Hi there -- First, you are not a hypchondriac. Okay, then, what you're describing is probably the most common worrisome complaint (even ahead of headaches) in the healthy population, and there's a reason for that: it's a scary sensation. We all have these premature beats, usually premature ventricular contractions (PVCs), sometimes atrial ones (PACs) and even in some people, some other random ones that all pretty much cause the same sensation. They are not, in themselves, dangerous nor are they diagnostic nor predictive of anything. They may occur more in certain types of disease, but this is meaningless because they are caused by so many non-disease things as well, such as (especially in your case) stress, lack of sleep, and anxiety. They also produce anxiety (for obvious reasons) so may cause themselves to increase in frequency because of concern over the rare one that is felt. Occasional ones are not even as annoying as it can get, as there are some people who have these every other beat, all the time. Oddly, they adapt to it more readily than those who have only the occasional one.
Stress,anxiety, sleep deprivation, falling asleep, digestion, caffeine (a biggie), smoking, any stimulant (legal or otherwise), exercise in some people, being still in others, holding one's breath, straining (at stool or lifting something heavy), and just plain slowing of the heart rate as after exercise, are only a few of the innocent causes of premature beats. Some people have a mild anomaly of the mitral valve called mitral valve prolapse (MVP) and these people do tend to have these and other benign arrhythmias even more frequently than the rest, but it still has no significance. The only reason to treat these is if they won't go away on their own and make the patient so anxious as to be unable to function. Then they are treated very conservatively (with beta blocker drugs or anti-anxiety meds). Best left alone, if at all possible, and if they seem extremely frequent or if there are runs of rapid heartbeat that is disruptive of activities, a simple heart checkup can't hurt and often serves to reassure the patient. Nothing wrong with that, and it doesn't make anyone a hypchondriac.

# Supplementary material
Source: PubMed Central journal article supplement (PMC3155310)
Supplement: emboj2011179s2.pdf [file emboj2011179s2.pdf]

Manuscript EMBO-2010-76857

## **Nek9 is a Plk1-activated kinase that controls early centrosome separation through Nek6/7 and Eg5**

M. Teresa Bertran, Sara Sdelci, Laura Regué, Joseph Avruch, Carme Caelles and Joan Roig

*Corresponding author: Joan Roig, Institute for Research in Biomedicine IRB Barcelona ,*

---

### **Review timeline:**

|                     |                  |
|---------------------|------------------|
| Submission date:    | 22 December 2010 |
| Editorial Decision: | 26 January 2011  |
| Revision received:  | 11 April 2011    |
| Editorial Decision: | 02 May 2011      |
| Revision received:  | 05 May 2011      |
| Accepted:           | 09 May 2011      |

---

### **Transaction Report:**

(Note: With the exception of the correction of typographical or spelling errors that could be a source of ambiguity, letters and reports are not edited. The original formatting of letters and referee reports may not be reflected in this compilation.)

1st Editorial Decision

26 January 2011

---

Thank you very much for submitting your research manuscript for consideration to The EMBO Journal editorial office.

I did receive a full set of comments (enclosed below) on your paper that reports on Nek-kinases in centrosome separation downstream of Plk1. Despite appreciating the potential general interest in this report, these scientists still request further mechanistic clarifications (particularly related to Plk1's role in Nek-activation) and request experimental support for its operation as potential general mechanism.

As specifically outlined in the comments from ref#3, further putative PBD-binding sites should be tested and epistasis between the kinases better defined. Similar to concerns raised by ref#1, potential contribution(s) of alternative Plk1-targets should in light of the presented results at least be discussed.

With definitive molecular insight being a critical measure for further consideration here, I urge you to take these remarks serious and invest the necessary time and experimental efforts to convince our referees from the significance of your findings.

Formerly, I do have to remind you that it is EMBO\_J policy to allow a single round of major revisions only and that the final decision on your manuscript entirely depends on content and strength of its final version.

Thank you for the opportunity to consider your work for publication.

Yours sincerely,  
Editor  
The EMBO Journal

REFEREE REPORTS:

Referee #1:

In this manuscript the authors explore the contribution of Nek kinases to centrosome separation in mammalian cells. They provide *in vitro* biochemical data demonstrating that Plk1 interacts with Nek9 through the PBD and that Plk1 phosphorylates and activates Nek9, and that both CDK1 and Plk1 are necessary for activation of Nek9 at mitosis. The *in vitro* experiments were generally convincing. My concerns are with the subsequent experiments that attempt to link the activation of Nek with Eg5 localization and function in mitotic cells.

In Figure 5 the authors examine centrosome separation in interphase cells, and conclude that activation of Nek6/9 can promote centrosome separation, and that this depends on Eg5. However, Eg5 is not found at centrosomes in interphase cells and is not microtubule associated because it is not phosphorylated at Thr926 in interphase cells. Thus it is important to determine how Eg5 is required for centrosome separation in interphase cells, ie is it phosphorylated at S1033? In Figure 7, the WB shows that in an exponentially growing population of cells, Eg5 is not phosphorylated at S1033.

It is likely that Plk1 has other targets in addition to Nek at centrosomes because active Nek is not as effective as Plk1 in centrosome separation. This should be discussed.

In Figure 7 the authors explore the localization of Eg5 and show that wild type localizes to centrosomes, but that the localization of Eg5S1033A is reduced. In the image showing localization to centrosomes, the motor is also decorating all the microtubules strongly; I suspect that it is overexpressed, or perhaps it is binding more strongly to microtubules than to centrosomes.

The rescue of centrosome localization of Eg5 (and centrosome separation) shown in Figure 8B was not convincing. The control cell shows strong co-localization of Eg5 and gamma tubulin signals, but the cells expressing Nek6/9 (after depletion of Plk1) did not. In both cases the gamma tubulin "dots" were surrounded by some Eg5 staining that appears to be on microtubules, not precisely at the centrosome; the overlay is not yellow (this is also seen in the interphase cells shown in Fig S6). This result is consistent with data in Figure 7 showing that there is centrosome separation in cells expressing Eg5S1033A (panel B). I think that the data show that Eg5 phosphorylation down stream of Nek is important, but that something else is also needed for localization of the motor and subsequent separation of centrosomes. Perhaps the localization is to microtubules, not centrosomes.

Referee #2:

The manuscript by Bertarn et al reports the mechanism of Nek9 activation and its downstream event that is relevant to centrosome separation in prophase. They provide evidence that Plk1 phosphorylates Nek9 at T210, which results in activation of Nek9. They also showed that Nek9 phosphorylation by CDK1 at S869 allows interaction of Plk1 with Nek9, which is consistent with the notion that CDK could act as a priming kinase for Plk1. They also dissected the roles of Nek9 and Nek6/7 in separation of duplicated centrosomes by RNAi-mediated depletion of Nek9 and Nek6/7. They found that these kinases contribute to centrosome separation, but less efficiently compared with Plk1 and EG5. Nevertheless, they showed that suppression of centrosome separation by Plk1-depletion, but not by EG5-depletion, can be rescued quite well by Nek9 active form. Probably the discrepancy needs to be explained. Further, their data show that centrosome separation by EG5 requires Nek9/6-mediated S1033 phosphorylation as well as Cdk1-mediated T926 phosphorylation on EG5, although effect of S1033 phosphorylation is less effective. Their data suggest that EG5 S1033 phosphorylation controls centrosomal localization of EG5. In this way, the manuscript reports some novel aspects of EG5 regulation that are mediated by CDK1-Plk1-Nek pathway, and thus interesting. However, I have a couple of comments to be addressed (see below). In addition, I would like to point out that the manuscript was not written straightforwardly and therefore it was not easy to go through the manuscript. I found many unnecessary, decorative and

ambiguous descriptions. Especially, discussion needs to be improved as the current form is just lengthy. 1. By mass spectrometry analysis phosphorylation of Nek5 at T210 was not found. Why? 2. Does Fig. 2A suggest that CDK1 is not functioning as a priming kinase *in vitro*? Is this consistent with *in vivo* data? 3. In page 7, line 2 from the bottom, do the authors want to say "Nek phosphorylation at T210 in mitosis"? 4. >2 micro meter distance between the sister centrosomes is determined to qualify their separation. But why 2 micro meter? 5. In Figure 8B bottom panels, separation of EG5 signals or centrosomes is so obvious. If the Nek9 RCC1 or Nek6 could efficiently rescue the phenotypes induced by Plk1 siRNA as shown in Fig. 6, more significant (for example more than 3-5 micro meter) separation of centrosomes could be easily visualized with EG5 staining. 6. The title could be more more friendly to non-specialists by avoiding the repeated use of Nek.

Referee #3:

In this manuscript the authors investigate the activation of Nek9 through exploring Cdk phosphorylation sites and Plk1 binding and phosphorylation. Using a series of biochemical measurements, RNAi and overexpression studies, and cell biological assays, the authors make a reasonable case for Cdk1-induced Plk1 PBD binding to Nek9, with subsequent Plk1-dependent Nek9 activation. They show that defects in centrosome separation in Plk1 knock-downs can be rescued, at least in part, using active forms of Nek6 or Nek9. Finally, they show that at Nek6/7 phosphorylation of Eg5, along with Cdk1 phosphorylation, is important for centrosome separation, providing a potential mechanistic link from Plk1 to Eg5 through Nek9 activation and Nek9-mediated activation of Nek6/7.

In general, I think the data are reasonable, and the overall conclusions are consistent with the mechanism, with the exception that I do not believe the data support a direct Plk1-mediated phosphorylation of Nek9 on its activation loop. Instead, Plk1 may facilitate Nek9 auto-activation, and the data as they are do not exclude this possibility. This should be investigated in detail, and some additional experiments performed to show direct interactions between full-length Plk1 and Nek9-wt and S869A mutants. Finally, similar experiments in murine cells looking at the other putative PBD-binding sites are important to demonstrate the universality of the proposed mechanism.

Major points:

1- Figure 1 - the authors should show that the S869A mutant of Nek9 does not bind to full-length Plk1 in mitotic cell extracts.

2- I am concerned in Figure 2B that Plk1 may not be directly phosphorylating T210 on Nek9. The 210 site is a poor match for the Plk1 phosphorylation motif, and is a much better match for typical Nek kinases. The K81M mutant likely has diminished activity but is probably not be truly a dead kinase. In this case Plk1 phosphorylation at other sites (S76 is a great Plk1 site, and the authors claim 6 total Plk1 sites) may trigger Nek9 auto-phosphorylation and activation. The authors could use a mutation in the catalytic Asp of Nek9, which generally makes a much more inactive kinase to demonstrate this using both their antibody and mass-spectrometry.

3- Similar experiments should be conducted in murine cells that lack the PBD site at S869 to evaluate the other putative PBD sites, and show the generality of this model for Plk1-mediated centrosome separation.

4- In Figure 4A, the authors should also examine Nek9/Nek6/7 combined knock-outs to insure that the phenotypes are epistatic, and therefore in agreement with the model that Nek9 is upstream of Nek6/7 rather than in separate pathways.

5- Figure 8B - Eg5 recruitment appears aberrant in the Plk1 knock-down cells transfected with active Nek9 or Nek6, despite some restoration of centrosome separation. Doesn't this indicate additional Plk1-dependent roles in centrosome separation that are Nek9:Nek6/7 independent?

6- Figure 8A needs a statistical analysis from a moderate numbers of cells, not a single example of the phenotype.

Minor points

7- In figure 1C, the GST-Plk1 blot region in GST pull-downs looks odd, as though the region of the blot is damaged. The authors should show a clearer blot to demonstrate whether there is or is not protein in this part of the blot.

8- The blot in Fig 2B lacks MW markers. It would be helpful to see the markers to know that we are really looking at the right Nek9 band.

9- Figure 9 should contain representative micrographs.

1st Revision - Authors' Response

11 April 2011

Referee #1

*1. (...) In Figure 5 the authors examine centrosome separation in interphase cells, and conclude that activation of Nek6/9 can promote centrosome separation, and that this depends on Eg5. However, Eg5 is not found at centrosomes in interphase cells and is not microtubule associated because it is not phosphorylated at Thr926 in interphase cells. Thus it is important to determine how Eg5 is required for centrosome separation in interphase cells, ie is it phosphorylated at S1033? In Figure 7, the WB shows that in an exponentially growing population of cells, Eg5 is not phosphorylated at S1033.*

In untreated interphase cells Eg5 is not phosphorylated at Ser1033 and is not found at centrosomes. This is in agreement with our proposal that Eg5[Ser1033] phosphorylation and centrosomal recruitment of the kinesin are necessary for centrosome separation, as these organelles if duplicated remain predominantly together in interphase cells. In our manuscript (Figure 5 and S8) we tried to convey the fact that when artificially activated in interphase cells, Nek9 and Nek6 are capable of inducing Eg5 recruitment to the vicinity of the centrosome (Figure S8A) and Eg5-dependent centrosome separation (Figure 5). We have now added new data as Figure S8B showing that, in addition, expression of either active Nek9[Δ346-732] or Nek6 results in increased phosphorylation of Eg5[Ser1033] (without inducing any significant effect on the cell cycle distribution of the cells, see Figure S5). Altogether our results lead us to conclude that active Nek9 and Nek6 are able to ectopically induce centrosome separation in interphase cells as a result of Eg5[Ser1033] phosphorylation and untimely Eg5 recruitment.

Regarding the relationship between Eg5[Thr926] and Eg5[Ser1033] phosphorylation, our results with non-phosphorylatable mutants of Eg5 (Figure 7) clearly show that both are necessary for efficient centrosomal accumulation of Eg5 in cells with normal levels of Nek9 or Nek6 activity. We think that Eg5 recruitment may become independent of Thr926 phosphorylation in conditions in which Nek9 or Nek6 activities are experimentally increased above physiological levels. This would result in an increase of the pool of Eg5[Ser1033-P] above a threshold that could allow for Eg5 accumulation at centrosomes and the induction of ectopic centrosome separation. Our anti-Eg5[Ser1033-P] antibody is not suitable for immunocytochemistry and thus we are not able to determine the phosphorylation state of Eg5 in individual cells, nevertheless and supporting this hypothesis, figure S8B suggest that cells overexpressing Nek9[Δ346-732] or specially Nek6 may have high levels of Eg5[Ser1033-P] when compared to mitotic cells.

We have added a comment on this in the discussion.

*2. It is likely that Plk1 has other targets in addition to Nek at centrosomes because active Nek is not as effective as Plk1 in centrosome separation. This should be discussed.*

Most people first become aware of these palpitations in the teen years, as there is so much change going on, so many emotions, so many hormones being felt, so much academic and social stress. They are almost always present in all segments of the population, whether healthy or not.
I would venture to guess there is no reason to be even remotely concerned, but if you are really bothered by these and unable to adapt with reassurance, seeing a sympathetic physician (and that's the key here) can often really help, just having someone acknowlege and explain this phenomenon. It's what I've tried to do here. I hope it helps. Please follow up with us here as needed, and maybe try some stress-management techniques such as meditation, deliberate relaxation, or even a re-evaluation of your priorities in order to enjoy life more as the stressors pile up. Good luck to you!
John Kenyon, EMT, CCT
Non-invasive cardiology tech, Emergency and Critical Care technician, Critical Incident Stress Mgmt. specialist